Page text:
Lies, damn lies and statistics

Model Driven Generation

Where is the truth of an organisation? Many programmers would say that the truth is in the code as this is what is actually running the organisation. The code is in effect a realization of business demand and therefore the truth of what an organisation actually is can be found within.

I think that while somewhat accurate, it is a little 'ambulance at the bottom of the cliff' thinking and we should rather strive to be declarative in what the organisation is. Also, assuming we buy for commodity then the view is obscured and incomplete. The declaration of a business is best done via modelling as the related views can inform and align everyone from board to developers.

Architecturally, I like to separate out business logic from business data - a little like we separate out UI/UX from application logic. So while the logic of an organisation may be found in the code, the lifeblood of the business can be found in the semantic meaning of it's data.

We have a very powerful declarative tool once we have a conceptual and logical model of our data and infrastructure. I like to use this tool to master and automatically generate many things like infrastructure as code (e.g. Terraform definitions), schemas (e.g. OpenAPI) or even complete data platforms.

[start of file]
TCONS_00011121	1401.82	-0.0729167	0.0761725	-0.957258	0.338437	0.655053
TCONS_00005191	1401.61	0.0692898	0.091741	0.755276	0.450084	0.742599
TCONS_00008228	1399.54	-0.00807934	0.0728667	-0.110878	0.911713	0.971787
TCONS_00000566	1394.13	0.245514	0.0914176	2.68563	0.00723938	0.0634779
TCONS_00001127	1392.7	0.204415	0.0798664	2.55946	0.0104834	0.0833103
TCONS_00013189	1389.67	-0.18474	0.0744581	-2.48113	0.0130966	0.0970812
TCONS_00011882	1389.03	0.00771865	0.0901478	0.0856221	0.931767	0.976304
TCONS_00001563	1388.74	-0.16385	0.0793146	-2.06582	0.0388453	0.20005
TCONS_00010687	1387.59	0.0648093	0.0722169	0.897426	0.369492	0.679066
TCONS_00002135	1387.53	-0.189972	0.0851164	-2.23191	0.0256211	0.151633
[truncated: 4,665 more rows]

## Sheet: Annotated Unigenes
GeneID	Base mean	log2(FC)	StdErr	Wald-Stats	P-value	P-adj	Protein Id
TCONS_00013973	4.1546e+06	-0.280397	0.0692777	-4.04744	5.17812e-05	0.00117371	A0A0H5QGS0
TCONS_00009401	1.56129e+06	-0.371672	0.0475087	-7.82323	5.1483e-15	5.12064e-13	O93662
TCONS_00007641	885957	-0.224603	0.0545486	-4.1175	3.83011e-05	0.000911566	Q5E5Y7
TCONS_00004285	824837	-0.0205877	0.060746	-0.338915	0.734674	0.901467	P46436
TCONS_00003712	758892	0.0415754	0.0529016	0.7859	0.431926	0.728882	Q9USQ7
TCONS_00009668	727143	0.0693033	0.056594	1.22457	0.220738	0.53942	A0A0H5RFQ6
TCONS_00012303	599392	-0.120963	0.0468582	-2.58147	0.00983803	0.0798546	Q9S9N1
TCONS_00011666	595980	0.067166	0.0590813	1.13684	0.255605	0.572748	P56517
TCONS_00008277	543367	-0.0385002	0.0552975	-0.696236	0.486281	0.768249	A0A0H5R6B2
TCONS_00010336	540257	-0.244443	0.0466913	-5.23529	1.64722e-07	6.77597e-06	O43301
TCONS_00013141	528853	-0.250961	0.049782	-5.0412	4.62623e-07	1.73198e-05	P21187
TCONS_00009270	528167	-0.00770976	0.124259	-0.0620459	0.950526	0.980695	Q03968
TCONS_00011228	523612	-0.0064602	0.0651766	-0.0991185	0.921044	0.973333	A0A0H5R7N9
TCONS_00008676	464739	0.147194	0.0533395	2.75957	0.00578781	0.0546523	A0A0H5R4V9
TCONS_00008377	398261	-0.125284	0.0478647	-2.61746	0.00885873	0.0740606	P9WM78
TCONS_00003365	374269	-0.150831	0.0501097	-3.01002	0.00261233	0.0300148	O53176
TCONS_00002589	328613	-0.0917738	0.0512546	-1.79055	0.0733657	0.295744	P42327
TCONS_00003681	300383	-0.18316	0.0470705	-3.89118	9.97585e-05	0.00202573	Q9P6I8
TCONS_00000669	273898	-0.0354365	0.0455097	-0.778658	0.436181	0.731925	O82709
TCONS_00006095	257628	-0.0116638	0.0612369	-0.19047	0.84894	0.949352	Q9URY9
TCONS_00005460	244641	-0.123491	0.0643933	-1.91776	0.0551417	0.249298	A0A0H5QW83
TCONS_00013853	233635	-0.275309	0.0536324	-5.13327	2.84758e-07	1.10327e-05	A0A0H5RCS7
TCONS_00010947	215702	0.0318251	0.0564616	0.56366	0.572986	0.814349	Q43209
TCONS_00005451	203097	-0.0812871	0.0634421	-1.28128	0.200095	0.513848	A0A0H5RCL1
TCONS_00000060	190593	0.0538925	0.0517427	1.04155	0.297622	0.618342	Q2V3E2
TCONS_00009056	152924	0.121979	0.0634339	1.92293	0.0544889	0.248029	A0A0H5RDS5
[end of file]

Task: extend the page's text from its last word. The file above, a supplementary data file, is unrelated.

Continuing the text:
We should imbue more than simple entity relationships into our models. Capturing the policies which need to be enforced from business to security to data governance strengthens the declarative power of the model. My view is that tools commonly seen in enterprises for data lineage (E.g. Informatica EDC advanced scanners) and application licence / CMDB scanning should be used to validate & audit what the models intend - not to be a source of truth.

My open source version of a model driven generation tool is pyMDG. While it's modelling tool agnostic, each modelling tool needs a parser library which I've written for Sparx EA and so far. It will also be modelling language independent but I'm working on UML at the moment.

Read The Docs: pyMDG

To use pyMDG we need to build:

  1. A UML model
  2. A generation recipe

The recipe tells pyMDG about your model and what files to output. This tutorial uses the sample templates and config which you can find in the sample_recipe folder from the project on GitHub:

Data Model Nomenclature

When pyMDG parses the source model file it parses into specific python classes.


Example Data Model


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